(CNN) -- It is unlikely anything would fully eclipse the World Cup final, but the universe is giving it a shot.
A total solar eclipse is predicted to start at sunrise in the Cook Islands on July 11 -- when the World Cup 2010 final will be in play.
It's set to take place in the southern Pacific across the French Polynesia, according to NASA's report on the Annular and Total Solar Eclipses of 2010.
A solar eclipse happens when the moon comes between the sun and Earth so all or part of the sun's light is blocked from Earth, NASA said.
Those eager to catch both major global events have little to fear, however. With an estimated duration of 5 minutes and 20 seconds, the total eclipse will be brief, visible in Tahiti before it reaches the middle of the South Pacific.
"The large crowds that have gathered in the Cook Islands, Tahiti and Easter Island for the event will only be distracted away from the World Cup match for a brief moment. They can return to it right after," said Tata Crocombe, chairman of Cook Islands Tourism Corp.
In the Cook Islands, tourism has boomed because of the rare astronomical event. (Total eclipses occur every one or two years, and rarely in the same location, according to NASA.)
Crocombe said that in Mangaia, the southernmost of the Cook Islands, there are currently about 400 visitors, which exceeds the number of incoming tourists to Cook Islands for an entire year and is equivalent to the Island's population.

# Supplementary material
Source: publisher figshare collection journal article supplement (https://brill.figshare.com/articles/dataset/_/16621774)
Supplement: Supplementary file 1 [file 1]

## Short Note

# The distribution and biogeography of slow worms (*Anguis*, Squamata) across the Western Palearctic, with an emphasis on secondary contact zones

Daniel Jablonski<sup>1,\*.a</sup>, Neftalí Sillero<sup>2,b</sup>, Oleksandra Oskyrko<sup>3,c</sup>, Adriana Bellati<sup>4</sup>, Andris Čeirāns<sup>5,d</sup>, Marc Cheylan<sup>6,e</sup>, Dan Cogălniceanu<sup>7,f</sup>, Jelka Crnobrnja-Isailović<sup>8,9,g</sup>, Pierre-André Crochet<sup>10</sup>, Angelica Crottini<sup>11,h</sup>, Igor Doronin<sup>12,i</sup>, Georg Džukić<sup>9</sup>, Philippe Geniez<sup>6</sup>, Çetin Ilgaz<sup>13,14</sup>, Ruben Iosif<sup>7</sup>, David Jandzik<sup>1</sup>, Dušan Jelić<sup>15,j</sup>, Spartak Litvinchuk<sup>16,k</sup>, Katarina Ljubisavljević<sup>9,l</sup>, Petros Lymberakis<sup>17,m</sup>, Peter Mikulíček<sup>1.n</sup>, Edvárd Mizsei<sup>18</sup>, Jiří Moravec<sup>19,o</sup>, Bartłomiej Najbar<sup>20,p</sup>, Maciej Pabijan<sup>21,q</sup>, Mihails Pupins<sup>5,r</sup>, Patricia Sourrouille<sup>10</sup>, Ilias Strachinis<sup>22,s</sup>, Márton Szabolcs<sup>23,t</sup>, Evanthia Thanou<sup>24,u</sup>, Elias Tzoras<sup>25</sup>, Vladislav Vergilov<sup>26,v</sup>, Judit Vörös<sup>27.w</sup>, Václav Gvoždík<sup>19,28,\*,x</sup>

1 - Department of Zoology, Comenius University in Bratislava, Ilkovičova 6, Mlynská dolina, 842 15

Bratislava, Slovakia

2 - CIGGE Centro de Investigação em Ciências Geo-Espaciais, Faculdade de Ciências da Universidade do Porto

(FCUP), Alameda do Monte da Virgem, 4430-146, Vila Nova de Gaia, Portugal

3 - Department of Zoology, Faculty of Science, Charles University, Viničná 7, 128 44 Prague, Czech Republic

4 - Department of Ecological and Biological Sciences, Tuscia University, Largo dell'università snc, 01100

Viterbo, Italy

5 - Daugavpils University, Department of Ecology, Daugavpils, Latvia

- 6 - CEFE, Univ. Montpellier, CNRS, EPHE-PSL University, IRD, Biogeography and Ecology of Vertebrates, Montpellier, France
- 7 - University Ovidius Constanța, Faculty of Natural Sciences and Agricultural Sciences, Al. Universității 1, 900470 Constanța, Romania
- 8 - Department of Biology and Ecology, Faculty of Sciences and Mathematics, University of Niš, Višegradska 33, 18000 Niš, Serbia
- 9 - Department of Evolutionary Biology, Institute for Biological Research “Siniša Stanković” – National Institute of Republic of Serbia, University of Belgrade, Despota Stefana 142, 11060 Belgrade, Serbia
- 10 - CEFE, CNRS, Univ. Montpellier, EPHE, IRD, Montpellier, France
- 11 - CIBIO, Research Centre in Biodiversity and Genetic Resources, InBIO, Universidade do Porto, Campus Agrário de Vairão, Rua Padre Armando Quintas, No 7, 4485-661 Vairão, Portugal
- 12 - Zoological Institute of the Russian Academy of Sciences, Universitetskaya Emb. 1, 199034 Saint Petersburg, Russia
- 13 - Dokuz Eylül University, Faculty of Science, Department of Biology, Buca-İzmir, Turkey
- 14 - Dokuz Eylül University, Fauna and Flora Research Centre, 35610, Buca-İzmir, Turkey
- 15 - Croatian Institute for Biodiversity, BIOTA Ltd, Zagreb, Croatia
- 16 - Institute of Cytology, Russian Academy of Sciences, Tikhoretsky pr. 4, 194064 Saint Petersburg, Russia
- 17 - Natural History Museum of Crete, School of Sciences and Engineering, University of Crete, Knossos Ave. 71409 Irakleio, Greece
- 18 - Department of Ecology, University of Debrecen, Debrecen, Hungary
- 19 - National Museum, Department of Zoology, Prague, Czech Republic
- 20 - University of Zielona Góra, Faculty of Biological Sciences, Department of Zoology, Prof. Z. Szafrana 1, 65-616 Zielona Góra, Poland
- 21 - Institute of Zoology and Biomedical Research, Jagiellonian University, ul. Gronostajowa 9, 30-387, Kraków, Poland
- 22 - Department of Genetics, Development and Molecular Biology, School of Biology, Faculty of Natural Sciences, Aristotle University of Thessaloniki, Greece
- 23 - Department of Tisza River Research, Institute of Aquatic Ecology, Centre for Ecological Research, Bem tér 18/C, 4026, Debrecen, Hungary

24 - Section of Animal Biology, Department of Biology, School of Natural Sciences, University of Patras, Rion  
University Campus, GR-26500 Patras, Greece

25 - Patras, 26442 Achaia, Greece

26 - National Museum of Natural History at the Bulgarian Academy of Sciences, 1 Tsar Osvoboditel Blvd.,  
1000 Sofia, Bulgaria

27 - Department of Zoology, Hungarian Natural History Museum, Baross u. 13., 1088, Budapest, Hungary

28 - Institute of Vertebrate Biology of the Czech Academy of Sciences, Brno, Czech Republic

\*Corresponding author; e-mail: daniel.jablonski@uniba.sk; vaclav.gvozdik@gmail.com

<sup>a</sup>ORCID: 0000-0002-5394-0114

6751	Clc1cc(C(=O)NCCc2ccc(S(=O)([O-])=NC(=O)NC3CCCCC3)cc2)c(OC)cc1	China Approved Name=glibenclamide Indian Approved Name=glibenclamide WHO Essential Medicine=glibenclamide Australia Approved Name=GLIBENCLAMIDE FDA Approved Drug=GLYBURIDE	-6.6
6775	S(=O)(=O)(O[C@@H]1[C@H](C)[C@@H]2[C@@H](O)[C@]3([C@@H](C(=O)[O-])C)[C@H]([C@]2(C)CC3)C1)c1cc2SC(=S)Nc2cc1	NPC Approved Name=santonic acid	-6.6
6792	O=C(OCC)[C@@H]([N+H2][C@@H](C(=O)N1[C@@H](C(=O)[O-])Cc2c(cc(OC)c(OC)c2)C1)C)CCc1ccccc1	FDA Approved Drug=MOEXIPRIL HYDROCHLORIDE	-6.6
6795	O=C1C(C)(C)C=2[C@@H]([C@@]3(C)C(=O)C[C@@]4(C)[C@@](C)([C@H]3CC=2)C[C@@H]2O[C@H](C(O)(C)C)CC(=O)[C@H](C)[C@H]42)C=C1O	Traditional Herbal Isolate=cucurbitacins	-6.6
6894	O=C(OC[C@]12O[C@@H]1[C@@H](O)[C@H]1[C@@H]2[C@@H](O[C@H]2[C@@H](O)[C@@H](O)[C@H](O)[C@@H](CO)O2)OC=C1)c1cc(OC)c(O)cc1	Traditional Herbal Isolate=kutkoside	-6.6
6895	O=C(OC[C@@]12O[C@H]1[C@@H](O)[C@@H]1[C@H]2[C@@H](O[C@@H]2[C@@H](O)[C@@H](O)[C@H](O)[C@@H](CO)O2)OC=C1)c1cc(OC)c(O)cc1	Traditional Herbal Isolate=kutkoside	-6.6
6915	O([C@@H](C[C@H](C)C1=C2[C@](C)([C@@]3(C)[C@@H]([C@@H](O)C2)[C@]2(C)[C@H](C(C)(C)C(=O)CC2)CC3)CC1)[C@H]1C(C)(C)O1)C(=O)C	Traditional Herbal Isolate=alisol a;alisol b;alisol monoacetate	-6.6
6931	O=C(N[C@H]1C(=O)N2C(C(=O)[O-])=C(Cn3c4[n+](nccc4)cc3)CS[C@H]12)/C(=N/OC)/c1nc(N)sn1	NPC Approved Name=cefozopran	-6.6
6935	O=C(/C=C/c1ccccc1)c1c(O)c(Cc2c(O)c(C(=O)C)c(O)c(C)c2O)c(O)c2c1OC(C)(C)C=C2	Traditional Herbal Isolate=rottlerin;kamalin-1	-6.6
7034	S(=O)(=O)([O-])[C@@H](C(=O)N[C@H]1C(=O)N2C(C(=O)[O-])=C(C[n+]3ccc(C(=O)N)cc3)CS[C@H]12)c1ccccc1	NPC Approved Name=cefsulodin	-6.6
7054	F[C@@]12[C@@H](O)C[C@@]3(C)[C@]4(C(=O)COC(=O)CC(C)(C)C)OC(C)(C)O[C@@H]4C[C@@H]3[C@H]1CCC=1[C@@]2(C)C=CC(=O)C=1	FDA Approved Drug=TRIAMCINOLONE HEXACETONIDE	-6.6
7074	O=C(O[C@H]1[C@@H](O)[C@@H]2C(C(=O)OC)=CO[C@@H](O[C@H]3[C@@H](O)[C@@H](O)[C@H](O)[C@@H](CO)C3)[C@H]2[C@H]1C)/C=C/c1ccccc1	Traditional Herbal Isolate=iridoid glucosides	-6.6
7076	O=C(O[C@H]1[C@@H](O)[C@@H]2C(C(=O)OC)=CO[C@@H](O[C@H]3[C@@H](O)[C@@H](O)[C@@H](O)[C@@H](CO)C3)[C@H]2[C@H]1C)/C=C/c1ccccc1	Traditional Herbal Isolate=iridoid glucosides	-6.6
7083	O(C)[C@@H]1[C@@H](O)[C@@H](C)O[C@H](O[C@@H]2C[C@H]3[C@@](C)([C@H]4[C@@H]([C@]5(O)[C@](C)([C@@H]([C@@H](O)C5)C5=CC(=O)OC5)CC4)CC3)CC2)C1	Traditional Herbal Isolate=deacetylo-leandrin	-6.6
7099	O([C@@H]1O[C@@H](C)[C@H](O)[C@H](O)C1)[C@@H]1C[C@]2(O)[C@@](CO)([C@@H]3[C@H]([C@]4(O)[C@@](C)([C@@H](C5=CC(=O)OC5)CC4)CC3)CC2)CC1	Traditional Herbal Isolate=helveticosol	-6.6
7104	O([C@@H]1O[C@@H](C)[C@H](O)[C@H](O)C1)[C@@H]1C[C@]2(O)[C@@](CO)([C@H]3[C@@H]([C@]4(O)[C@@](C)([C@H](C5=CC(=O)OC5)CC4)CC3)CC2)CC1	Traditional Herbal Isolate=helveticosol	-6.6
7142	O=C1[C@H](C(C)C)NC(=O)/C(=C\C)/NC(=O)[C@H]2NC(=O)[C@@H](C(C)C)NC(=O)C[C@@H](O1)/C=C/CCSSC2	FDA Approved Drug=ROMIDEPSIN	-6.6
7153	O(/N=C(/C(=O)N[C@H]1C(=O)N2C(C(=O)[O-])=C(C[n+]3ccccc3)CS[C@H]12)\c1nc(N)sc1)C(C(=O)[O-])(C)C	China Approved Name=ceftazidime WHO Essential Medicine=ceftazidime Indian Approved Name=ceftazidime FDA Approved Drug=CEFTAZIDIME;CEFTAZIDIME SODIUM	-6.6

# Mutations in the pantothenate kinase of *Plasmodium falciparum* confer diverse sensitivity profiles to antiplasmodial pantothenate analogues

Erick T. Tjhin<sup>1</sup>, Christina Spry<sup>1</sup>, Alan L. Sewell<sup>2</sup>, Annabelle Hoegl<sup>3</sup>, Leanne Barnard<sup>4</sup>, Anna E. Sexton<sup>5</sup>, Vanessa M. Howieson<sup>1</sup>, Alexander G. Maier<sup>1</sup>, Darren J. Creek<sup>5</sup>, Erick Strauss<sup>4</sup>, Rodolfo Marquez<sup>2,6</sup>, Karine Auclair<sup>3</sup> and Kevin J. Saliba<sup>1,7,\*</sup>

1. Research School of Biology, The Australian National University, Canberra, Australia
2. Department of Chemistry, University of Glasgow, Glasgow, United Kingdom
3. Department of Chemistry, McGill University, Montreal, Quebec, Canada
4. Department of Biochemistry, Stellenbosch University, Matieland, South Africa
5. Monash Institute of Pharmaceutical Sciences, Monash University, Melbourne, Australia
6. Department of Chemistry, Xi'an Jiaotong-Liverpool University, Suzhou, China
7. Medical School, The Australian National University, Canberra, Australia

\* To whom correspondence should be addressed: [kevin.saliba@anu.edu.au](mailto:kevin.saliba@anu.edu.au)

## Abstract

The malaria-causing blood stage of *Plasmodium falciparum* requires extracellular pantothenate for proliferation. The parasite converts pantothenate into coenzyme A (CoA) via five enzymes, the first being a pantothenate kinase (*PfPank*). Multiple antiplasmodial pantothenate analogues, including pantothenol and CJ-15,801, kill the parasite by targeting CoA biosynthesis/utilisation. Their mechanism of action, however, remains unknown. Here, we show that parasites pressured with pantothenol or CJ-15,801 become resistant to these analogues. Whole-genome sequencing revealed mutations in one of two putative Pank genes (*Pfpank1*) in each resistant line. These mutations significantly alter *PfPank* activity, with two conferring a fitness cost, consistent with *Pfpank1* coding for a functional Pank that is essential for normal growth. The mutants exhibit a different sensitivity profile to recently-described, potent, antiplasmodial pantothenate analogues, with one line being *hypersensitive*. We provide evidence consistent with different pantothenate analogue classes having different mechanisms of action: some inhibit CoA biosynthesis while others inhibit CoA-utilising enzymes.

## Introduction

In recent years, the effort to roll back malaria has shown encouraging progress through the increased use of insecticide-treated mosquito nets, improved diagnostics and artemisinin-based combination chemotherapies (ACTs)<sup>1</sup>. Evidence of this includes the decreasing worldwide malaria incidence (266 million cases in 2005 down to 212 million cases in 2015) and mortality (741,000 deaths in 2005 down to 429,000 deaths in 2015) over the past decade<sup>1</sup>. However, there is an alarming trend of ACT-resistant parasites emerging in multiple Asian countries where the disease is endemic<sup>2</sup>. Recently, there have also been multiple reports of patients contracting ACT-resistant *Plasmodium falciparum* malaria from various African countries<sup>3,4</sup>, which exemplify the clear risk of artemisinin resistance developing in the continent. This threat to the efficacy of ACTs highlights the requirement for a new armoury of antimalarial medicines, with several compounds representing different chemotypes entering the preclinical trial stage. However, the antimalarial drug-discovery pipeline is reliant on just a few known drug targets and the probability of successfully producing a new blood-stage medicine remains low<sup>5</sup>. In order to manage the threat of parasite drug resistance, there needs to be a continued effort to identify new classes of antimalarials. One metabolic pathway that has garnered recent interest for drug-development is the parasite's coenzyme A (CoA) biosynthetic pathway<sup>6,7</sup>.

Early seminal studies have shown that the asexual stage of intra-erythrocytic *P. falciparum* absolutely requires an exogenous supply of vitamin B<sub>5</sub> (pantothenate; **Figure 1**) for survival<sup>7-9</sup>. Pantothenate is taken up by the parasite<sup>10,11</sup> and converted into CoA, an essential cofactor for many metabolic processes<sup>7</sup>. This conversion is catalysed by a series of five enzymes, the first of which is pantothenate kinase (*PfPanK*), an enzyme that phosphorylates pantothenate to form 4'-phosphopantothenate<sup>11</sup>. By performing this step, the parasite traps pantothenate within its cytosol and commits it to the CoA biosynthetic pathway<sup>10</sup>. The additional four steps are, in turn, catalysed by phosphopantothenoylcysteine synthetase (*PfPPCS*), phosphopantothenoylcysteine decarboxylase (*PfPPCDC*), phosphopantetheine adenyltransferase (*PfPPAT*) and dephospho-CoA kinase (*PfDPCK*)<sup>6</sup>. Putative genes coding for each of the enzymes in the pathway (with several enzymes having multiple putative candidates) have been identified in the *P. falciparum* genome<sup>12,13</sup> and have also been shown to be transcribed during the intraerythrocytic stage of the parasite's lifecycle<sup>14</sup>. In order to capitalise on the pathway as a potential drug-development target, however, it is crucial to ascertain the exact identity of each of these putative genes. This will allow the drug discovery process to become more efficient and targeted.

A lot of planning and preparation took place in anticipation of the event, and the expected surge in tourists to the area, according to Ewan Smith, managing director of Air Rarotonga.
"The first tour group contacted us about 18 months ago. We are now working with specialized eclipse tour companies, and have made arrangements to ship additional bedding and logistical equipment to the Islands," Smith said. "We even have eclipse observation flights, where tourists rendezvous down the path of the eclipse at a high altitude, enjoying about three minutes and 45 seconds of total eclipse."
Smith said interest has been overwhelming.
"I am astonished ... we have visitors from all around the world, from large groups of Japanese to Americans arriving with daypacks and telescopes."
Solar eclipses have long been known to draw crowds and attention. Not only have they helped in the development of great scientific achievements such as the invention of the Camera Obscura by the Philosopher Aristotle, some cultures see the phenomena as a mythological and ominous sign.
Whatever the cosmic clash between the July 11 eclipse and World Cup Final 2010 represents, it is undoubtedly an exhilarating and wondrous moment for skygazers and football supporters alike.